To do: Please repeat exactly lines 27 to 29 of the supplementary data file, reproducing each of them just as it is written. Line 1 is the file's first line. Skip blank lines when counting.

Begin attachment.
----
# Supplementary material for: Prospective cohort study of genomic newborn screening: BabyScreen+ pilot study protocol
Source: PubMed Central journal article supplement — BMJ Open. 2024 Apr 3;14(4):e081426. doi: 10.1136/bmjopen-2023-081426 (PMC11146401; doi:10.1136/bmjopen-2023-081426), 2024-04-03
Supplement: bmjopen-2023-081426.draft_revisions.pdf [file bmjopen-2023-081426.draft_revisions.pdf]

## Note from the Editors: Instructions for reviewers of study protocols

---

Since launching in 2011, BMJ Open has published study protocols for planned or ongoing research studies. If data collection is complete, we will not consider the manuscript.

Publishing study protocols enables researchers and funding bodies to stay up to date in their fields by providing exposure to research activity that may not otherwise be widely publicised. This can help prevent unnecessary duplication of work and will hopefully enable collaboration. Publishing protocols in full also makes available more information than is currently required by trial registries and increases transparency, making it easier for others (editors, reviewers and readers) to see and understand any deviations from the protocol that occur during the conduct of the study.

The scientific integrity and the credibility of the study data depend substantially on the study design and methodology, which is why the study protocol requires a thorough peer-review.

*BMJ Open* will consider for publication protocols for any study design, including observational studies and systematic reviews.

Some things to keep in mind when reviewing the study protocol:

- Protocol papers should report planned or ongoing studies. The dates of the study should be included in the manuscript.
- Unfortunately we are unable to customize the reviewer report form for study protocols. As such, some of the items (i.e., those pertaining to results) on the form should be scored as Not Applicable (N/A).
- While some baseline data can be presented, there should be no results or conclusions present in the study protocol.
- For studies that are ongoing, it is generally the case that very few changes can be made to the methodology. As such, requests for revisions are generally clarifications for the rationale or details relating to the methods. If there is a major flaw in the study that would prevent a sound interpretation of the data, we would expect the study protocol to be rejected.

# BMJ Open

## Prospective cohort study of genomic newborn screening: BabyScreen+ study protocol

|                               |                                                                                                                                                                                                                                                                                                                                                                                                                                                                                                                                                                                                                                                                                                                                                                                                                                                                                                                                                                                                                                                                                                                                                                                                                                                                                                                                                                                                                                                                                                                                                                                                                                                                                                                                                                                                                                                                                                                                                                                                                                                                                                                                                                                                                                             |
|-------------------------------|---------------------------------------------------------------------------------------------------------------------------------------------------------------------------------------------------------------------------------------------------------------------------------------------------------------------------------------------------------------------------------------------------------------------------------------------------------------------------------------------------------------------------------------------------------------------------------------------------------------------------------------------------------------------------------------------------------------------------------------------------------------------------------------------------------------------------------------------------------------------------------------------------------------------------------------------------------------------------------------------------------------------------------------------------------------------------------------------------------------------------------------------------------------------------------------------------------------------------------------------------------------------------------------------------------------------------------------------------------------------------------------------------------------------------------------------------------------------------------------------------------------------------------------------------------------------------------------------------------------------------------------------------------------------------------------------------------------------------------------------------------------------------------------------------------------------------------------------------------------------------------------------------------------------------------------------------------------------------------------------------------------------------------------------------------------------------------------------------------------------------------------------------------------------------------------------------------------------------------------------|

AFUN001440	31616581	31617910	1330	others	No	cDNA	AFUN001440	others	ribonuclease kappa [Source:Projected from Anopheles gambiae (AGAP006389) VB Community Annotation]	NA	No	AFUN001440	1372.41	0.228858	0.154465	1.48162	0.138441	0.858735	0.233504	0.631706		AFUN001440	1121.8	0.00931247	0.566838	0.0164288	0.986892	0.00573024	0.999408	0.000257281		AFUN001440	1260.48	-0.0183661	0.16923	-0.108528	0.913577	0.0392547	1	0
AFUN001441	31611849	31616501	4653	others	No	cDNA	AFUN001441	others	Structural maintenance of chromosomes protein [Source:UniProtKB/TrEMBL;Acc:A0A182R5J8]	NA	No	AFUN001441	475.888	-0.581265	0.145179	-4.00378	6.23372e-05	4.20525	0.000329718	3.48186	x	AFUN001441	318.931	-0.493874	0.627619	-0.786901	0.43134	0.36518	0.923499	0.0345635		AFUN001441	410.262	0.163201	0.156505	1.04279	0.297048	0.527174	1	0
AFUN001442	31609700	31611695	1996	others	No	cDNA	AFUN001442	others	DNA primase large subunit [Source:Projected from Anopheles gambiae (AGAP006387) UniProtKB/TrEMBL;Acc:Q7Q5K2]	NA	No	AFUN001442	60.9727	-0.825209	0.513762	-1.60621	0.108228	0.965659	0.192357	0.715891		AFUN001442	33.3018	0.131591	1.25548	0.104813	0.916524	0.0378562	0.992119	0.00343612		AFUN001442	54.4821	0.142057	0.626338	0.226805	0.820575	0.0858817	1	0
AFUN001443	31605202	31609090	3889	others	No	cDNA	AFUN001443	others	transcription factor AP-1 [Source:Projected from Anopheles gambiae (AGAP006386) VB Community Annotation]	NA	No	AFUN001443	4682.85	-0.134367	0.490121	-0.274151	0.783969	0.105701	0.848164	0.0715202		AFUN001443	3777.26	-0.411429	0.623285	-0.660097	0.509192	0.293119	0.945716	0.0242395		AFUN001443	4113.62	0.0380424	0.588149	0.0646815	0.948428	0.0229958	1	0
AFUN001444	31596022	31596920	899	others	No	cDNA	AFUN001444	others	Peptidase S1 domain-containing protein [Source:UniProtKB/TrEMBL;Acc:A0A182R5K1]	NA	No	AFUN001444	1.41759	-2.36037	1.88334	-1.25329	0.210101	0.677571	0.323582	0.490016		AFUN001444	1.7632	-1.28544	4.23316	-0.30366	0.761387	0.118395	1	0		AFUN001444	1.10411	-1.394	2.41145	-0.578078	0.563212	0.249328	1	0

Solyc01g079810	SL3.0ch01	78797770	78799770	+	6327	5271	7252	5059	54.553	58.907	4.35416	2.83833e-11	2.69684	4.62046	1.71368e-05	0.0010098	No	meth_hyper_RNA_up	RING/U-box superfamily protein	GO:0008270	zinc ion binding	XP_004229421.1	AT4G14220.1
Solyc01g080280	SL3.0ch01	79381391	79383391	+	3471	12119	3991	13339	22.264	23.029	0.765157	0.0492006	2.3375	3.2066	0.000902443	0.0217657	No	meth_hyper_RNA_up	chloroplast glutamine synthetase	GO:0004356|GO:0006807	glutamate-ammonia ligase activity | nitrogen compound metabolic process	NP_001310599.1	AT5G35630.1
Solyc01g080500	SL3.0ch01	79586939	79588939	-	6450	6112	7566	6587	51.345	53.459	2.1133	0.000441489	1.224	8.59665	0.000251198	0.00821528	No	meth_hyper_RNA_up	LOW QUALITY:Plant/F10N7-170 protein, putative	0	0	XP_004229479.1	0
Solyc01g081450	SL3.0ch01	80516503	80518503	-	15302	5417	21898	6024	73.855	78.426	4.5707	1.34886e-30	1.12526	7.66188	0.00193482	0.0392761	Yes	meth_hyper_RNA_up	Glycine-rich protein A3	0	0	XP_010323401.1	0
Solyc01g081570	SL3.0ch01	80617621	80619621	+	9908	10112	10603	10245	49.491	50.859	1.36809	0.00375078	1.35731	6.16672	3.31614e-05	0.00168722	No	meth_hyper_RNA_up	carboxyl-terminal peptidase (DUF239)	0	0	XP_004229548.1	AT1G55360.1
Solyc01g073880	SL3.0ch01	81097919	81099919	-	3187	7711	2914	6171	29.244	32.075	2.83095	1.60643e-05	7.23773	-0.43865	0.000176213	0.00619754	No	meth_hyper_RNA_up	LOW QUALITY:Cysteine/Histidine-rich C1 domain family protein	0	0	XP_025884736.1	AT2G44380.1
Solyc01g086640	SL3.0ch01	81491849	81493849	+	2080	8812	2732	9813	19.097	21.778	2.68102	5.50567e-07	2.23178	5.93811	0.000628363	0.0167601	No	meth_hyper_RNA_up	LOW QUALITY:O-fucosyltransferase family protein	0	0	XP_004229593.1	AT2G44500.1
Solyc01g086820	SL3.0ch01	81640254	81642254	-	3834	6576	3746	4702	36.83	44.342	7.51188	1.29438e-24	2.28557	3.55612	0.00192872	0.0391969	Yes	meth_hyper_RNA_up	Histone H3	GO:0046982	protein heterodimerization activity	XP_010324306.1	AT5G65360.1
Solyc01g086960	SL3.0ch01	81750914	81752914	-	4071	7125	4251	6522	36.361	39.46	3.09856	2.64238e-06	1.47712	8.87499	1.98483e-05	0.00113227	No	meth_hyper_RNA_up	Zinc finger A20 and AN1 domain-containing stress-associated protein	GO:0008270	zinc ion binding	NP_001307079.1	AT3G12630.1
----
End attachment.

Solyc01g081450	SL3.0ch01	80516503	80518503	-	15302	5417	21898	6024	73.855	78.426	4.5707	1.34886e-30	1.12526	7.66188	0.00193482	0.0392761	Yes	meth_hyper_RNA_up	Glycine-rich protein A3	0	0	XP_010323401.1	0
Solyc01g081570	SL3.0ch01	80617621	80619621	+	9908	10112	10603	10245	49.491	50.859	1.36809	0.00375078	1.35731	6.16672	3.31614e-05	0.00168722	No	meth_hyper_RNA_up	carboxyl-terminal peptidase (DUF239)	0	0	XP_004229548.1	AT1G55360.1
Solyc01g073880	SL3.0ch01	81097919	81099919	-	3187	7711	2914	6171	29.244	32.075	2.83095	1.60643e-05	7.23773	-0.43865	0.000176213	0.00619754	No	meth_hyper_RNA_up	LOW QUALITY:Cysteine/Histidine-rich C1 domain family protein	0	0	XP_025884736.1	AT2G44380.1